Wednesday, May 11, 2022

Duke Graduation Speaker 'Surprised' That Some Passages From Her Speech Were Taken From a Recent Commencement Speech at Harvard (VIDEO)

So surprising. *Eye-roll.*

If you plagiarize you're going to get caught. I catch a number of students plaigarizing every semester, and this is on simple assigned essays, not research papers. Students probably spend more time scouring the web than actually writing a four-page think piece. Sadly, even scraping stuff straight from Wikipedia is a thing. Even more sadly: When I notify my dean she does nothing but to tell me, "let this be a lesson for the student." 


In other words, cheat, violate written college rules and ethical standards --- for which in the past a students could be suspended or expelled --- and get off scot-free. Not so fast, I say. I'll give the student a "0" on the assignment, and they can complain all they want. A plagiarized paper is worth nothing. *Sigh.*

At WSJ, "Duke Commencement Speaker Takes ‘Full Responsibility’ After Similarities in Speech Spark University Probe":

Parts of her speech included passages similar to those in a 2014 Harvard graduation speech; Duke says it is investigating the matter.

A Duke University student said she is taking “full responsibility” for parts of her commencement speech that included passages similar to those in a Harvard University graduation speech years ago, prompting a university probe.

Undergraduate commencement speaker Priya Parkash spoke to her fellow classmates at Duke’s graduation ceremony on Sunday. The following day the Duke Chronicle—the university’s student newspaper—reported that several passages of Ms. Parkash’s speech were similar to that of a Harvard speech in 2014 given by then-student Sarah Abushaar. Duke is investigating the matter, a spokesman said.

A public-relations representative for Ms. Parkash said in an interview that she incorporated ideas for passages provided by friends without researching if they had been used previously. She didn’t find out until after the speech that those passages had come from a speech given at Harvard, her spokesman said.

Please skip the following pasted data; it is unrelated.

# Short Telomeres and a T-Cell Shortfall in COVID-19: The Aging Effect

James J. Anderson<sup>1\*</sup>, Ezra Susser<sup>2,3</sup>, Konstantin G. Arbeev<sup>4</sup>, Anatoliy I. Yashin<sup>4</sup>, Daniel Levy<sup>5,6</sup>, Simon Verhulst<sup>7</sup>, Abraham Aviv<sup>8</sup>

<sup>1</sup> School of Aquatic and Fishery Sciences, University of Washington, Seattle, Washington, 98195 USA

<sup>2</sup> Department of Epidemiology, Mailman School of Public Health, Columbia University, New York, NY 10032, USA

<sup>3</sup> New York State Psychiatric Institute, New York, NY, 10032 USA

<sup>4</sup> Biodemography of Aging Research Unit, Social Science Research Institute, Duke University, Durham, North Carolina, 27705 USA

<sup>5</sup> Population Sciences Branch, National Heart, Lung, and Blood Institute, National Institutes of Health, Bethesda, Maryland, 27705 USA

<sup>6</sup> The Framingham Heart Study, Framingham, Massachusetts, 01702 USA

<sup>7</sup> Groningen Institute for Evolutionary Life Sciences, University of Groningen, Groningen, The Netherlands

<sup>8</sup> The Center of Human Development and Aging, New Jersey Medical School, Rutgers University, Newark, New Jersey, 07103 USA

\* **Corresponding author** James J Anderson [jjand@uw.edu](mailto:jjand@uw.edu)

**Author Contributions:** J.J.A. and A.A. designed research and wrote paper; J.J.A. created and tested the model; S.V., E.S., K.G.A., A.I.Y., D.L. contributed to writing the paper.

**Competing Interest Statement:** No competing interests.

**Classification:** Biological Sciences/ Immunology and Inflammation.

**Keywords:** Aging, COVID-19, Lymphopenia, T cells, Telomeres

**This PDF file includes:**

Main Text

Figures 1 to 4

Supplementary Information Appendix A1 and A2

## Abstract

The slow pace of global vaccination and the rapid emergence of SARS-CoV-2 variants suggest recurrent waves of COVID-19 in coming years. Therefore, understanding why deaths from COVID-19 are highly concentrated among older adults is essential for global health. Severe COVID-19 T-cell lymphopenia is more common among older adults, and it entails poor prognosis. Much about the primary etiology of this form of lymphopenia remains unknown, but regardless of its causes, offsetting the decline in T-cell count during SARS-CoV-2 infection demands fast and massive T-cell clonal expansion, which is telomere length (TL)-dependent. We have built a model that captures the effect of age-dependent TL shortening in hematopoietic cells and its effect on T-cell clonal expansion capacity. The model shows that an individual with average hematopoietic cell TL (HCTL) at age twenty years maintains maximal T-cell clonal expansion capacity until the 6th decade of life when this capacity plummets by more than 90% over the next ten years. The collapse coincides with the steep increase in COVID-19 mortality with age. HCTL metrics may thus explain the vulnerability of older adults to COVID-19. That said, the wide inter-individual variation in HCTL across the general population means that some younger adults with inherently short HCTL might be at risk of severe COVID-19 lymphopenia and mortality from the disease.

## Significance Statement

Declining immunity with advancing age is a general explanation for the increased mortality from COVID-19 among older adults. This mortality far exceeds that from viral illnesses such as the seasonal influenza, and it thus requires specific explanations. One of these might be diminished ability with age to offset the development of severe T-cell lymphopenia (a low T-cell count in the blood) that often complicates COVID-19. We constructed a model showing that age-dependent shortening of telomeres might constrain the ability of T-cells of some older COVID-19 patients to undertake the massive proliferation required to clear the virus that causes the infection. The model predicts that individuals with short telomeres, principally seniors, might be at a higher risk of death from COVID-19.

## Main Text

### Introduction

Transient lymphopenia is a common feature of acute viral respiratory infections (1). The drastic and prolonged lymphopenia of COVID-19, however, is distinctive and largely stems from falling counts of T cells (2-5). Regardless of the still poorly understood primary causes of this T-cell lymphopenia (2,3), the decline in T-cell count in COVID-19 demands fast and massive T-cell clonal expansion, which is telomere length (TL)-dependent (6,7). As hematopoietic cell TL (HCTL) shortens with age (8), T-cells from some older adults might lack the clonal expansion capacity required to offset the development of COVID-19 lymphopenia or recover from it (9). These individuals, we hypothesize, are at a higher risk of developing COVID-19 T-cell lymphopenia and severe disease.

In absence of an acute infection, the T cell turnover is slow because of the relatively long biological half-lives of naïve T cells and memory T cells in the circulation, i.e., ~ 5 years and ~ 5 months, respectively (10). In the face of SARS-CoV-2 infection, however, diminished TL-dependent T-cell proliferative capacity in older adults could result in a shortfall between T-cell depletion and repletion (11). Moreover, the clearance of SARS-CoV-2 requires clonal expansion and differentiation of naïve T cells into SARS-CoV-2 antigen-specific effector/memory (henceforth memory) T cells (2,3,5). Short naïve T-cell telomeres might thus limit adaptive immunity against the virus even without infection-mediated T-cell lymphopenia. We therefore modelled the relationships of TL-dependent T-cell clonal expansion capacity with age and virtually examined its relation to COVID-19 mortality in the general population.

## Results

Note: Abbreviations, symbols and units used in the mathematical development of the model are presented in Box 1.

“I was embarrassed and confused to find out too late that some of the suggested passages were taken from a recent commencement speech at another university,” Ms. Parkash said in an earlier statement provided through the PR firm. “I take full responsibility for this oversight and I regret if this incident has in any way distracted from the accomplishments of the Duke Class of 2022.”

Michael Schoenfeld, a spokesman for Duke, said the university is aware of the allegations and has “initiated a process to understand the facts of the situation.”

“Duke University expects all students to abide by their commitment to the Duke Community Standard in everything they do as students,” he said.

Parts of Ms. Parkash’s speech were similar to passages from Harvard undergraduate speaker Ms. Abushaar’s 2014 commencement address, with references to Harvard swapped for Duke.

Ms. Abushaar didn’t respond to a request for comment.

In her speech, Ms. Parkash spoke about her experience being Pakistani and going through airport security checkpoints, wearing Duke gear as a way to prove she wasn’t a threat. Ms. Abushaar made similar comments about going through airport security as a Middle Easterner in Harvard attire.

Both speakers joked about how their respective campuses could be their own independent countries.

“We had our own version of the Statue of Liberty, the John Harvard statue; our own embassies, the Harvard clubs of Boston and London; a tax collection agency, the Harvard Alumni Association; and endowment larger than more than half the world’s countries GDPs,” Ms. Abushaar said in her 2014 speech.

In Ms. Parkash’s speech on Sunday, she said, “We are home to several consulates…we also have our own version of Christ the Redeemer, the statue of James Buchanan Duke…we also have an IRS with its surprisingly bubbly fleet of tax collectors, the Duke Alumni Association; we also have the equivalent of the Federal Reserve, DUMAC, which manages an endowment larger than the GDP of one-third of the countries in the world”...

Yep. You can see that comparison at the video above.